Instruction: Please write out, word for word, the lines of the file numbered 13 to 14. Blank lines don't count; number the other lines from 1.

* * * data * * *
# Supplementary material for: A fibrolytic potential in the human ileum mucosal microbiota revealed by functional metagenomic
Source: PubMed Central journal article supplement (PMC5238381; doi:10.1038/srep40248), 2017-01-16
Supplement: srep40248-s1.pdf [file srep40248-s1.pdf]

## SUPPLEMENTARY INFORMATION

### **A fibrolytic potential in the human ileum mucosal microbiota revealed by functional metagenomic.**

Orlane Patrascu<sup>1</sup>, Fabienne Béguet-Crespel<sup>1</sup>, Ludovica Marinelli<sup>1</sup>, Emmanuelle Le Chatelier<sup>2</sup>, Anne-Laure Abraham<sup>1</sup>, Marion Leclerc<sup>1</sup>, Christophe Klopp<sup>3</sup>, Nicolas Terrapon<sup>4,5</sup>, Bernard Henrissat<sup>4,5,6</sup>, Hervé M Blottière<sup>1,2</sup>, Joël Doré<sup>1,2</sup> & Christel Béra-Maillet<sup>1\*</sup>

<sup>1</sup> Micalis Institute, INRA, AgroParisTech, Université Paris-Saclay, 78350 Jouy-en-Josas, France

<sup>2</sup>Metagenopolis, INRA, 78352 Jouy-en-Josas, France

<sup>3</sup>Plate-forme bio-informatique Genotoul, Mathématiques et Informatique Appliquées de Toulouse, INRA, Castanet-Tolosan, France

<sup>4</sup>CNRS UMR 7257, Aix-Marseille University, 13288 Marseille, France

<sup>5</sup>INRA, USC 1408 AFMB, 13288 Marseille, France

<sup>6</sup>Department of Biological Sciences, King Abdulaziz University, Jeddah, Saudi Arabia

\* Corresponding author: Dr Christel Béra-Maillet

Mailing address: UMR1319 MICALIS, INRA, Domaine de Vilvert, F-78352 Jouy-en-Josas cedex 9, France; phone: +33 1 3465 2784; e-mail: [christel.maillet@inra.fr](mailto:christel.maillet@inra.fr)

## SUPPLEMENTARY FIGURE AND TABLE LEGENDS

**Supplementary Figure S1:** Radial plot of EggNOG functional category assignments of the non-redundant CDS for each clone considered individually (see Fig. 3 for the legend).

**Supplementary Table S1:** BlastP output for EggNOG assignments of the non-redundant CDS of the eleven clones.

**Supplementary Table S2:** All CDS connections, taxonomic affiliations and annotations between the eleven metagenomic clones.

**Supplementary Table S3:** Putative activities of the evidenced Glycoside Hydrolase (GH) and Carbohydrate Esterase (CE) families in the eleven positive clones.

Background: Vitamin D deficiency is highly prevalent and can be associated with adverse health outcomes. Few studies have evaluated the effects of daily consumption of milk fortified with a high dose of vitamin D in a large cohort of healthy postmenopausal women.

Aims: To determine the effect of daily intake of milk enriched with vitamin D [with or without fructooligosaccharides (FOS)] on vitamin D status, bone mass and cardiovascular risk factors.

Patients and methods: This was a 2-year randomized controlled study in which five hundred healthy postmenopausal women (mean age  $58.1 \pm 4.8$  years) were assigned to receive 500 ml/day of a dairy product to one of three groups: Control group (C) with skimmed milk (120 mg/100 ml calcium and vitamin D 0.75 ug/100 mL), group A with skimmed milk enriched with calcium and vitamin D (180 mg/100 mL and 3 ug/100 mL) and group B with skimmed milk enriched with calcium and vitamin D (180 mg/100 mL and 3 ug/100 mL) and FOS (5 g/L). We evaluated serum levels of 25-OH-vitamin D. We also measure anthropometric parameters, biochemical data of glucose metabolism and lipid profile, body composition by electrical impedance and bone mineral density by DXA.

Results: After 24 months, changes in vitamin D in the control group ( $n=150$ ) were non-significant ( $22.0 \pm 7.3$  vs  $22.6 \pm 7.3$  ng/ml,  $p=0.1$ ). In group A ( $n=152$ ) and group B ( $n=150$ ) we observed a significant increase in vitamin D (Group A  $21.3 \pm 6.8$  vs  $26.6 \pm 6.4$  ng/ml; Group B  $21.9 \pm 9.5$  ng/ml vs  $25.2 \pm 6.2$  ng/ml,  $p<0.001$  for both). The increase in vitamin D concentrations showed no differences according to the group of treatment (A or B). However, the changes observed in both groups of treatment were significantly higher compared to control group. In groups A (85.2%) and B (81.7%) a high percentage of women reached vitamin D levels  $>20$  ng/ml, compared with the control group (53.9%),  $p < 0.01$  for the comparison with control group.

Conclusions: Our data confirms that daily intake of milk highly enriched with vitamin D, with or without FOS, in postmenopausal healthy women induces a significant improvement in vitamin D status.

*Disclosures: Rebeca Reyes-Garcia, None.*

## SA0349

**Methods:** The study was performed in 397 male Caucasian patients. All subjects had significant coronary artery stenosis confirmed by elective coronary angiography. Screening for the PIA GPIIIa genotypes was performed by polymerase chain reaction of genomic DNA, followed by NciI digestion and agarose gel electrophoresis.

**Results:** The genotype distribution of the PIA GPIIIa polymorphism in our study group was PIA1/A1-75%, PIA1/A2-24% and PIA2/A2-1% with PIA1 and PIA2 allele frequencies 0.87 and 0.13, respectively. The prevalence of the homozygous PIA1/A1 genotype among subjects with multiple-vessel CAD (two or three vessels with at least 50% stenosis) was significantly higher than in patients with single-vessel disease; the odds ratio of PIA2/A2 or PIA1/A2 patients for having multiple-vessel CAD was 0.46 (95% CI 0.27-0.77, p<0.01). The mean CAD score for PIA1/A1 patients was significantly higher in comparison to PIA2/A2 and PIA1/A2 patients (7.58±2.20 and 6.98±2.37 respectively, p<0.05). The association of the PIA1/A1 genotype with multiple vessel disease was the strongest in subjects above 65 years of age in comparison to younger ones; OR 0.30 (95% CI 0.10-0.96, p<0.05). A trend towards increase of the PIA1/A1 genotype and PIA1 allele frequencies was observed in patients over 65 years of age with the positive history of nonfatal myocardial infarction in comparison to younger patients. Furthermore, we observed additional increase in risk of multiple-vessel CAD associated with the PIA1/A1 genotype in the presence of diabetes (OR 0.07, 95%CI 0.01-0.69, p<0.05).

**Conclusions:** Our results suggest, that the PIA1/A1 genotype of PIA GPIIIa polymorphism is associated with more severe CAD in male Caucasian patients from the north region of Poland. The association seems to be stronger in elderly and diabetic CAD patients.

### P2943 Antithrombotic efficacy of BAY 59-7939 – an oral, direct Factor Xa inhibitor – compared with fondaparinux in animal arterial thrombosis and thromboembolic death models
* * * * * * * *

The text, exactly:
\* Corresponding author: Dr Christel Béra-Maillet

Mailing address: UMR1319 MICALIS, INRA, Domaine de Vilvert, F-78352 Jouy-en-Josas cedex 9, France; phone: +33 1 3465 2784; e-mail: [christel.maillet@inra.fr](mailto:christel.maillet@inra.fr)